Need repair advice for broken cast iron precision part
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  1. #1
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    Default Need repair advice for broken cast iron precision part

    These are pics of the pivot base of a huge woodworking radial arm saw (Monarch Uni-Point) that fell over and suffered damage.

    This ring needs to be dead flat, and the center pivot point must be cylindrical with no bumps. I figure I'll take this ring to a local welding guy who is also a machinist' I'm thinking he'll appreciate the need for precision on this repair. I could attempt myself perhaps, but this calls for expert I think.

    I'd like opinions on how successful this repair is likely to be, and what technique you would suggest. The primary candidates being brazing or welding with nickel rod. Maybe even silver soldering? It seems to me that one would need to clamp the work to a good flat surface to keep it in alignment, and do plenty of even pre-post heating.

    Whatever technique is used, I'll need to be able to grind/file the repair down flush with the adjacent surfaces- particularly in the center pivot point, and along the top edge, where the large round base rides.

    2019-10-27-18.09.jpg2019-10-26-15.30_3.jpg2019-10-26-15.30.jpg2019-10-26-15.30_4.jpg2019-10-26-15.30_2.jpgAttachment 268300
    Last edited by ironhoarder; 10-27-2019 at 08:08 PM.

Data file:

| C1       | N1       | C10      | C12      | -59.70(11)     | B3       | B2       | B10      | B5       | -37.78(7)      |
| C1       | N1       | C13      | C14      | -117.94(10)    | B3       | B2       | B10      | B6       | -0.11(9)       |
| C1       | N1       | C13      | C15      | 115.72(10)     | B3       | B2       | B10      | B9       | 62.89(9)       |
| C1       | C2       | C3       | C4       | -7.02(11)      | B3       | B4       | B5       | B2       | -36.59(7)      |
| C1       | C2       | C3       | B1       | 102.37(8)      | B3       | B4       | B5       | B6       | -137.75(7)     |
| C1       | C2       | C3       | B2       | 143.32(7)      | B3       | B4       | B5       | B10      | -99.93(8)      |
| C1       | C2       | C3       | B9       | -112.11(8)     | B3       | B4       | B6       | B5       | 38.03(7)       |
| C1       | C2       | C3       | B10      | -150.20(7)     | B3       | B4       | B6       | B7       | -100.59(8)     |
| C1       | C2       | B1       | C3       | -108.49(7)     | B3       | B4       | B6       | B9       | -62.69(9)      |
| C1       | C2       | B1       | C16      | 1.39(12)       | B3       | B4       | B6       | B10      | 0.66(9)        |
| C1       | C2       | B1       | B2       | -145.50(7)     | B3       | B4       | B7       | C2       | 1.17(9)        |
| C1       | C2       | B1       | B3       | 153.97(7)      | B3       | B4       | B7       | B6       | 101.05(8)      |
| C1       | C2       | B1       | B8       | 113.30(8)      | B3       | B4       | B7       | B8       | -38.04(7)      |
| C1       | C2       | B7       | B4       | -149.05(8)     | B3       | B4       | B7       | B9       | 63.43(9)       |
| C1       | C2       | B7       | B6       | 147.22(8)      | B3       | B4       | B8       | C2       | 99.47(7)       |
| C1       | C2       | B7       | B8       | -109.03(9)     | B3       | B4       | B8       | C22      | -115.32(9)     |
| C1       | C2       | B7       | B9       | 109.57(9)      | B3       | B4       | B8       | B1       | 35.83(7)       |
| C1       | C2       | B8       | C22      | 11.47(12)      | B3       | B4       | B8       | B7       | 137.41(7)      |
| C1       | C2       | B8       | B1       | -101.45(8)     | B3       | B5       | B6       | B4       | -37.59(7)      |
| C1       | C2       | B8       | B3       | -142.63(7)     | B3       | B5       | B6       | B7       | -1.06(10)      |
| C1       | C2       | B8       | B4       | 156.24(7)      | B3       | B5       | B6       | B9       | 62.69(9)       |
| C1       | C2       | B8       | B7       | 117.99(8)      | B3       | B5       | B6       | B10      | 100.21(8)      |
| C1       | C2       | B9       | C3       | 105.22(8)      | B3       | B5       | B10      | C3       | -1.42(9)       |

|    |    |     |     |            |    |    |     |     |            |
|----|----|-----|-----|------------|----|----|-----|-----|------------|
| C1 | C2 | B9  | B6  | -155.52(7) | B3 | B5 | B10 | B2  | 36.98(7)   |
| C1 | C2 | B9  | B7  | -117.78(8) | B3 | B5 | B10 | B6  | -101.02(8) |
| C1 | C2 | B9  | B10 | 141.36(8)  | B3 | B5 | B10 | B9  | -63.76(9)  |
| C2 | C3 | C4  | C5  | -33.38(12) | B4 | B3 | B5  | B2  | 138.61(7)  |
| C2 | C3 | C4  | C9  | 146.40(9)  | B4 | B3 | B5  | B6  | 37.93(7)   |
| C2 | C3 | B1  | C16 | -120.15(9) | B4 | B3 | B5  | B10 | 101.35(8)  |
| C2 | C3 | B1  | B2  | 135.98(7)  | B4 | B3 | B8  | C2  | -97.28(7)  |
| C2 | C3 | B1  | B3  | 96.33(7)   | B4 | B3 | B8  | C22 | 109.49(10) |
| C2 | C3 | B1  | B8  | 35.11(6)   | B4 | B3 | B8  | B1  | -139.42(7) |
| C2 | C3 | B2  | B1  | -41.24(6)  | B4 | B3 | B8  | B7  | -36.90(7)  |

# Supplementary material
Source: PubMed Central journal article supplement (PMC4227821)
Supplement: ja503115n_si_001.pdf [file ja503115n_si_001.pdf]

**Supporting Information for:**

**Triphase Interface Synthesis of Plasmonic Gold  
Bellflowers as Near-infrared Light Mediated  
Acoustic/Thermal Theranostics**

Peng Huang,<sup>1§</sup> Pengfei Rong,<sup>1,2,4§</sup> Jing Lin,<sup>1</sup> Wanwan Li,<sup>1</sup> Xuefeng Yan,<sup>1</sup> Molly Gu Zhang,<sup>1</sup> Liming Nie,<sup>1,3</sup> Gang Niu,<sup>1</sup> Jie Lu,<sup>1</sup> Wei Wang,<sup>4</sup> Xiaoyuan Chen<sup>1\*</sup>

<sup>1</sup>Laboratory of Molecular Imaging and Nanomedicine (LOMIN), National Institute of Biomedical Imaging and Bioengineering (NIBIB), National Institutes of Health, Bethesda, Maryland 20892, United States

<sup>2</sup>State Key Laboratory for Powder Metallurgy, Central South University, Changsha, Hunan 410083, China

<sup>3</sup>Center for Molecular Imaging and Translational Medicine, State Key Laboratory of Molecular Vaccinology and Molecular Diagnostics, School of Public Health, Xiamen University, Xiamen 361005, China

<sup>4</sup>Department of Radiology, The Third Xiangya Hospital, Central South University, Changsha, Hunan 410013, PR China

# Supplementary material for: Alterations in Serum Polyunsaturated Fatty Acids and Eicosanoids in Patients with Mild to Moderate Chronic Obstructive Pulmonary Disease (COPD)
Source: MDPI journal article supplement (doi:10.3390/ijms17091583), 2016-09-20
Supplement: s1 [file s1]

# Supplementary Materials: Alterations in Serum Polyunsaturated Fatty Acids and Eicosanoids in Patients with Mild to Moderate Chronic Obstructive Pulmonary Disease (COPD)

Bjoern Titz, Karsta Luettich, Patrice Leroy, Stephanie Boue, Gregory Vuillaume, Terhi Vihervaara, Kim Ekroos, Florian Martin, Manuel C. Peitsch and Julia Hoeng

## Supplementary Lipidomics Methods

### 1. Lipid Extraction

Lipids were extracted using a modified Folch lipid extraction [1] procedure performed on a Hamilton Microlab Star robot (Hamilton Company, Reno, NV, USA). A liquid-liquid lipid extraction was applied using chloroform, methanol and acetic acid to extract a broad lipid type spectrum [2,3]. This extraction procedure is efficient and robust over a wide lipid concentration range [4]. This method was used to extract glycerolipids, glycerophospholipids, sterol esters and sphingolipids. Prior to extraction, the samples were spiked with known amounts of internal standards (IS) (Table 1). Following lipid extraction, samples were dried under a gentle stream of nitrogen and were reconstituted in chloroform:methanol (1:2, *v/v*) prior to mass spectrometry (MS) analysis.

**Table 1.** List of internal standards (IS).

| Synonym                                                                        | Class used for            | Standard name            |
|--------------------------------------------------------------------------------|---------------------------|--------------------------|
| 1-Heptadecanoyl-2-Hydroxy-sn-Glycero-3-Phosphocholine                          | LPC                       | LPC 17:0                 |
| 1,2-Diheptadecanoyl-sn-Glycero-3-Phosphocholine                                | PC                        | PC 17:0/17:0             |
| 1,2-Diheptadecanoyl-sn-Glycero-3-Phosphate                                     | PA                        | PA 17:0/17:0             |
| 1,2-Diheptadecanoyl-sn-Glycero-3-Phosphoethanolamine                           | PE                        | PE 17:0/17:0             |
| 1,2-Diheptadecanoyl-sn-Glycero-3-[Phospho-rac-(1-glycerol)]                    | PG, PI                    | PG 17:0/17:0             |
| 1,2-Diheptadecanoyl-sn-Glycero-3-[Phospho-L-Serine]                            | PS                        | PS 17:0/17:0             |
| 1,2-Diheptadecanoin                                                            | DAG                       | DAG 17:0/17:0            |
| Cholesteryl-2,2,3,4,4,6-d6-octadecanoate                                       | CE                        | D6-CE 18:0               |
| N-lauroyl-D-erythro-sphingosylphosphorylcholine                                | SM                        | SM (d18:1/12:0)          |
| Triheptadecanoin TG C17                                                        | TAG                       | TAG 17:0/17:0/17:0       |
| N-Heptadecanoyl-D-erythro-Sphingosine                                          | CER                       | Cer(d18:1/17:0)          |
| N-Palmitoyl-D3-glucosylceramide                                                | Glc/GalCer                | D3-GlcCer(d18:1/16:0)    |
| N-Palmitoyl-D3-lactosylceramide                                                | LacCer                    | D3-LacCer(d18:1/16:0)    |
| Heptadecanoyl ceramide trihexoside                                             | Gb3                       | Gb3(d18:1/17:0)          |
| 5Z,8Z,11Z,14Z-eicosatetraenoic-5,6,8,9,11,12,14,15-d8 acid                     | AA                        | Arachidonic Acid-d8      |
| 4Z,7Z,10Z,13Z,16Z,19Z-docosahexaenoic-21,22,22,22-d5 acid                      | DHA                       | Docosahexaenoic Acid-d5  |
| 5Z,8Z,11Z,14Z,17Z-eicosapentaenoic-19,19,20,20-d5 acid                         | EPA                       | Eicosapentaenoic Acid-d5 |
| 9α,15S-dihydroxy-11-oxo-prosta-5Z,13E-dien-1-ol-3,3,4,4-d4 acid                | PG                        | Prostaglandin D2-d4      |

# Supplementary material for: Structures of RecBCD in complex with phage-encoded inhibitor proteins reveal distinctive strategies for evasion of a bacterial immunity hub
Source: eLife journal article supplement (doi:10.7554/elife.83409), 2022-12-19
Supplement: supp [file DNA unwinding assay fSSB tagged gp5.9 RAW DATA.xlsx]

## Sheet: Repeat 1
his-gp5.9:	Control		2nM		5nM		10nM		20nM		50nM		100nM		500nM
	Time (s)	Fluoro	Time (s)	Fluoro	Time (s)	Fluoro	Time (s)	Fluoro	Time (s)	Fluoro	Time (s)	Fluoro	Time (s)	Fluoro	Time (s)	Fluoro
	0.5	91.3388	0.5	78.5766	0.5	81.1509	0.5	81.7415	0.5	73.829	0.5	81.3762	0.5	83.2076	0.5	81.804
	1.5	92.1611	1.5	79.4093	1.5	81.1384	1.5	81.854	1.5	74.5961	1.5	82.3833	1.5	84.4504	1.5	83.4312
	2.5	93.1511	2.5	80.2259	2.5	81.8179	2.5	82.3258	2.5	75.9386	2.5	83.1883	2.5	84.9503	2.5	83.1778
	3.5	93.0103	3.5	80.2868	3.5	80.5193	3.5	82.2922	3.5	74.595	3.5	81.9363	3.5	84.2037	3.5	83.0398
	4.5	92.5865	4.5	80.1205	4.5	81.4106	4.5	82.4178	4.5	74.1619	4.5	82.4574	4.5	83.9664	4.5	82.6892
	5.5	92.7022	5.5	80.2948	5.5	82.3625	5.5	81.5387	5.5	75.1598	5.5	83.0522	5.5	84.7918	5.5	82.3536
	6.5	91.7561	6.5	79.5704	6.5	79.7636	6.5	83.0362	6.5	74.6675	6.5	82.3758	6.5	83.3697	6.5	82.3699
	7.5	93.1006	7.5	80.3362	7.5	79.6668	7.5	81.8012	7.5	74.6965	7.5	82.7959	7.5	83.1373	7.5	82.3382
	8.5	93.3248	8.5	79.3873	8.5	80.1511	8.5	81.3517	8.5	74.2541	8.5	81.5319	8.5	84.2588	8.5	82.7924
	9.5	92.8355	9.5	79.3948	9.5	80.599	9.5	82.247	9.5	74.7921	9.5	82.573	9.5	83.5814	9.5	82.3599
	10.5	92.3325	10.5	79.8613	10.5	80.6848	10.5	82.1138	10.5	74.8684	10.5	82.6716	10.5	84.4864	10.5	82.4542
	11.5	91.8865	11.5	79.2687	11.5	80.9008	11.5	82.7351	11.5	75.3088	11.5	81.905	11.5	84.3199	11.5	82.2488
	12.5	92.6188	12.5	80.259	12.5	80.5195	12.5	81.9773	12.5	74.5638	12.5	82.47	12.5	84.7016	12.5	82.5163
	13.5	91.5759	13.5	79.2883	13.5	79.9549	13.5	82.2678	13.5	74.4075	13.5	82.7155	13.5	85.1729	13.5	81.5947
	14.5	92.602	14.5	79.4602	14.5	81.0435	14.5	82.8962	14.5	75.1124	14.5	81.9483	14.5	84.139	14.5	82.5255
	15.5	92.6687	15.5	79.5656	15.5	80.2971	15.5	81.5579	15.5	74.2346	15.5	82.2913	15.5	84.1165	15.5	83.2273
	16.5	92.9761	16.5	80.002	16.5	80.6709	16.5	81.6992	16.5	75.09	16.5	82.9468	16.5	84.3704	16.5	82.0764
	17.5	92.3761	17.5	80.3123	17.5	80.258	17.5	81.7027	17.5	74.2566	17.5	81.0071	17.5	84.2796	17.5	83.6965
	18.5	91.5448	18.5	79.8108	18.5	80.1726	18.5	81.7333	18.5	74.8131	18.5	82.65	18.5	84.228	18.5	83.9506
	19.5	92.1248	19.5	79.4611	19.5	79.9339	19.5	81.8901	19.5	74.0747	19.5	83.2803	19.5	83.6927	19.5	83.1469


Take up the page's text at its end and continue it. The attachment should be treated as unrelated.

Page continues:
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    Do you really need to retain the original, or would it be easier to refabricate the base out of steel?

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    Having repaired more than my share of cast iron over the years I'd say your chances of welding that and
    keeping it dead flat and true are close to zero. I would think that you're going to need to do some post-weld
    machining to true it up. Even keeping a heavy, solid casting straight can be a problem but something that
    light and spindly is going to be a bitch...

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    Given the relatively lightweight appearance I guess its not something that has to be super strong. Have you considered adhesive bonding with suitable sheet strengthening glued'n screwed on afterwards?

    I know of successful repairs made by first lightly sand blasting and cleaning the areas to be bonded using an appropriate solvent before applying the adhesive and lining up the part on a suitable flat or its mating part. With a suitable parting agent in place so it doesn't become a permanent fixture. Slicone wax and cling film have worked for me. Once the basic bond has been made carefully work some sheet alloy across the surrounding areas to re-enforce things. As its a casting odds are you will need J-B Weld or similar loaded filler to ensure there are no gaps. Devcon or one of the other industrial strength metal loaded fillers would be better but expensive. Finish off with some small screws (or rivets) to ensure nothing peels away.

    Worked a time or three for me using one of the Loctite engineering adhesives and Devcon metal loaded filler.